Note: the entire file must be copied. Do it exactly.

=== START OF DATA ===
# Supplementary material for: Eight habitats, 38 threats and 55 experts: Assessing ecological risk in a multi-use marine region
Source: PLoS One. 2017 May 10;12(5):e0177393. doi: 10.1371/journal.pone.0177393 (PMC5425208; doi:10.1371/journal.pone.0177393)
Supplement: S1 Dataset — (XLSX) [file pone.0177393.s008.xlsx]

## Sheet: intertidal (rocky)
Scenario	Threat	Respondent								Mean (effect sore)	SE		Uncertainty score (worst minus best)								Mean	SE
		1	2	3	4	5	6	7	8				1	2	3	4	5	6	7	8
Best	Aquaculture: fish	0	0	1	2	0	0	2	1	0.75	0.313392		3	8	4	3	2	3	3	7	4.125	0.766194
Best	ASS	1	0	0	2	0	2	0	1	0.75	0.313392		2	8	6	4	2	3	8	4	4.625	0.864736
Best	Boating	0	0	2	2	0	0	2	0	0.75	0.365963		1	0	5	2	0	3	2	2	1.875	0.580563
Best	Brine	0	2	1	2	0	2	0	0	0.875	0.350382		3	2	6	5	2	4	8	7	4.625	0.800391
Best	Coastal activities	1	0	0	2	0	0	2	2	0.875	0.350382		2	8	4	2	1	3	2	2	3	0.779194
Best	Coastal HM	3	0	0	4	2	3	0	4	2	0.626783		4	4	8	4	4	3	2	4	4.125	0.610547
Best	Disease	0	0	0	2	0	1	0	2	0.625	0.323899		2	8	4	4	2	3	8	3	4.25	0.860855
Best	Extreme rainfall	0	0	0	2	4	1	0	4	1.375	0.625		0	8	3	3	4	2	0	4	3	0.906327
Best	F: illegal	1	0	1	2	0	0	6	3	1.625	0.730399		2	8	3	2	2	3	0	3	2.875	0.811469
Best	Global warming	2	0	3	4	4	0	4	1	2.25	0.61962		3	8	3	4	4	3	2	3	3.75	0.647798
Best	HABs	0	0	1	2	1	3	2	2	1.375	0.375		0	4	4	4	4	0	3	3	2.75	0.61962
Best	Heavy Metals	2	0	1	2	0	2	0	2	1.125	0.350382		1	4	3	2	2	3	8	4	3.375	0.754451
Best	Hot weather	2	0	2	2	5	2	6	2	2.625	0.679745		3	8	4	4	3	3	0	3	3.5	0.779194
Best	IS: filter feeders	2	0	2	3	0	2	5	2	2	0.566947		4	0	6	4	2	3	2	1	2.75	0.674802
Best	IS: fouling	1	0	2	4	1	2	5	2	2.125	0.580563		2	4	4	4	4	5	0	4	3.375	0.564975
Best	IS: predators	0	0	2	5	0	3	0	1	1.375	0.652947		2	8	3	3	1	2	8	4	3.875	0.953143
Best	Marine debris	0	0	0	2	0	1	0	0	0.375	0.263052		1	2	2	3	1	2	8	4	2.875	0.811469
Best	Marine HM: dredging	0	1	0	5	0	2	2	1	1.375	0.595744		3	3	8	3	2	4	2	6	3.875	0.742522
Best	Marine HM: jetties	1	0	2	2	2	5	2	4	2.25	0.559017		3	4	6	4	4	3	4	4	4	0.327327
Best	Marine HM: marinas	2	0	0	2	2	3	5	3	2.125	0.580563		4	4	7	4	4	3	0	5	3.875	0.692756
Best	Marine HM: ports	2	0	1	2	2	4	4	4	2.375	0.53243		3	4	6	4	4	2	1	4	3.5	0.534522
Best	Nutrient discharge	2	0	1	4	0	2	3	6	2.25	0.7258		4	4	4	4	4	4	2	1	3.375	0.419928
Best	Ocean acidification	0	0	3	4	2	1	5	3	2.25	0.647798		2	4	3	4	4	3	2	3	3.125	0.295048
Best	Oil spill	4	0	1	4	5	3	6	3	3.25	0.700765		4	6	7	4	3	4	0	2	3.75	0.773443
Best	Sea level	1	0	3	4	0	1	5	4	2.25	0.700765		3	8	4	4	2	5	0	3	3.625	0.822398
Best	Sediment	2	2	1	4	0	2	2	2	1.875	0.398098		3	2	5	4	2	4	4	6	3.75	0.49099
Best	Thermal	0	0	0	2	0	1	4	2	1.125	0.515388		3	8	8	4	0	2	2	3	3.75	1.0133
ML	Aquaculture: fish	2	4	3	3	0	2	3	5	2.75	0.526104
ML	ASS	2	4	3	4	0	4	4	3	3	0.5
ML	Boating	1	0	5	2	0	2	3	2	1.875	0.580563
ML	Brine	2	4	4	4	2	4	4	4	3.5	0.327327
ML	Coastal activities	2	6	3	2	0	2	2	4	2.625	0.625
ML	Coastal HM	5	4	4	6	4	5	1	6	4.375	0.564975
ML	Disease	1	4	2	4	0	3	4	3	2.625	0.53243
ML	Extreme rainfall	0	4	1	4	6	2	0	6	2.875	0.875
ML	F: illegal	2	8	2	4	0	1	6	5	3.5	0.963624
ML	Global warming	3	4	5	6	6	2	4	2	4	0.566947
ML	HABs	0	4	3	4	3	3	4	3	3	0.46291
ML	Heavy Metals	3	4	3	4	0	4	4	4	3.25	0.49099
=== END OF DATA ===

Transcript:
# Supplementary material for: Eight habitats, 38 threats and 55 experts: Assessing ecological risk in a multi-use marine region
Source: PLoS One. 2017 May 10;12(5):e0177393. doi: 10.1371/journal.pone.0177393 (PMC5425208; doi:10.1371/journal.pone.0177393)
Supplement: S1 Dataset — (XLSX) [file pone.0177393.s008.xlsx]

## Sheet: intertidal (rocky)
Scenario	Threat	Respondent								Mean (effect sore)	SE		Uncertainty score (worst minus best)								Mean	SE
		1	2	3	4	5	6	7	8				1	2	3	4	5	6	7	8
Best	Aquaculture: fish	0	0	1	2	0	0	2	1	0.75	0.313392		3	8	4	3	2	3	3	7	4.125	0.766194
Best	ASS	1	0	0	2	0	2	0	1	0.75	0.313392		2	8	6	4	2	3	8	4	4.625	0.864736
Best	Boating	0	0	2	2	0	0	2	0	0.75	0.365963		1	0	5	2	0	3	2	2	1.875	0.580563
Best	Brine	0	2	1	2	0	2	0	0	0.875	0.350382		3	2	6	5	2	4	8	7	4.625	0.800391
Best	Coastal activities	1	0	0	2	0	0	2	2	0.875	0.350382		2	8	4	2	1	3	2	2	3	0.779194
Best	Coastal HM	3	0	0	4	2	3	0	4	2	0.626783		4	4	8	4	4	3	2	4	4.125	0.610547
Best	Disease	0	0	0	2	0	1	0	2	0.625	0.323899		2	8	4	4	2	3	8	3	4.25	0.860855
Best	Extreme rainfall	0	0	0	2	4	1	0	4	1.375	0.625		0	8	3	3	4	2	0	4	3	0.906327
Best	F: illegal	1	0	1	2	0	0	6	3	1.625	0.730399		2	8	3	2	2	3	0	3	2.875	0.811469
Best	Global warming	2	0	3	4	4	0	4	1	2.25	0.61962		3	8	3	4	4	3	2	3	3.75	0.647798
Best	HABs	0	0	1	2	1	3	2	2	1.375	0.375		0	4	4	4	4	0	3	3	2.75	0.61962
Best	Heavy Metals	2	0	1	2	0	2	0	2	1.125	0.350382		1	4	3	2	2	3	8	4	3.375	0.754451
Best	Hot weather	2	0	2	2	5	2	6	2	2.625	0.679745		3	8	4	4	3	3	0	3	3.5	0.779194
Best	IS: filter feeders	2	0	2	3	0	2	5	2	2	0.566947		4	0	6	4	2	3	2	1	2.75	0.674802
Best	IS: fouling	1	0	2	4	1	2	5	2	2.125	0.580563		2	4	4	4	4	5	0	4	3.375	0.564975
Best	IS: predators	0	0	2	5	0	3	0	1	1.375	0.652947		2	8	3	3	1	2	8	4	3.875	0.953143
Best	Marine debris	0	0	0	2	0	1	0	0	0.375	0.263052		1	2	2	3	1	2	8	4	2.875	0.811469
Best	Marine HM: dredging	0	1	0	5	0	2	2	1	1.375	0.595744		3	3	8	3	2	4	2	6	3.875	0.742522
Best	Marine HM: jetties	1	0	2	2	2	5	2	4	2.25	0.559017		3	4	6	4	4	3	4	4	4	0.327327
Best	Marine HM: marinas	2	0	0	2	2	3	5	3	2.125	0.580563		4	4	7	4	4	3	0	5	3.875	0.692756
Best	Marine HM: ports	2	0	1	2	2	4	4	4	2.375	0.53243		3	4	6	4	4	2	1	4	3.5	0.534522
Best	Nutrient discharge	2	0	1	4	0	2	3	6	2.25	0.7258		4	4	4	4	4	4	2	1	3.375	0.419928
Best	Ocean acidification	0	0	3	4	2	1	5	3	2.25	0.647798		2	4	3	4	4	3	2	3	3.125	0.295048
Best	Oil spill	4	0	1	4	5	3	6	3	3.25	0.700765		4	6	7	4	3	4	0	2	3.75	0.773443
Best	Sea level	1	0	3	4	0	1	5	4	2.25	0.700765		3	8	4	4	2	5	0	3	3.625	0.822398
Best	Sediment	2	2	1	4	0	2	2	2	1.875	0.398098		3	2	5	4	2	4	4	6	3.75	0.49099
Best	Thermal	0	0	0	2	0	1	4	2	1.125	0.515388		3	8	8	4	0	2	2	3	3.75	1.0133
ML	Aquaculture: fish	2	4	3	3	0	2	3	5	2.75	0.526104
ML	ASS	2	4	3	4	0	4	4	3	3	0.5
ML	Boating	1	0	5	2	0	2	3	2	1.875	0.580563
ML	Brine	2	4	4	4	2	4	4	4	3.5	0.327327
ML	Coastal activities	2	6	3	2	0	2	2	4	2.625	0.625
ML	Coastal HM	5	4	4	6	4	5	1	6	4.375	0.564975
ML	Disease	1	4	2	4	0	3	4	3	2.625	0.53243
ML	Extreme rainfall	0	4	1	4	6	2	0	6	2.875	0.875
ML	F: illegal	2	8	2	4	0	1	6	5	3.5	0.963624
ML	Global warming	3	4	5	6	6	2	4	2	4	0.566947
ML	HABs	0	4	3	4	3	3	4	3	3	0.46291
ML	Heavy Metals	3	4	3	4	0	4	4	4	3.25	0.49099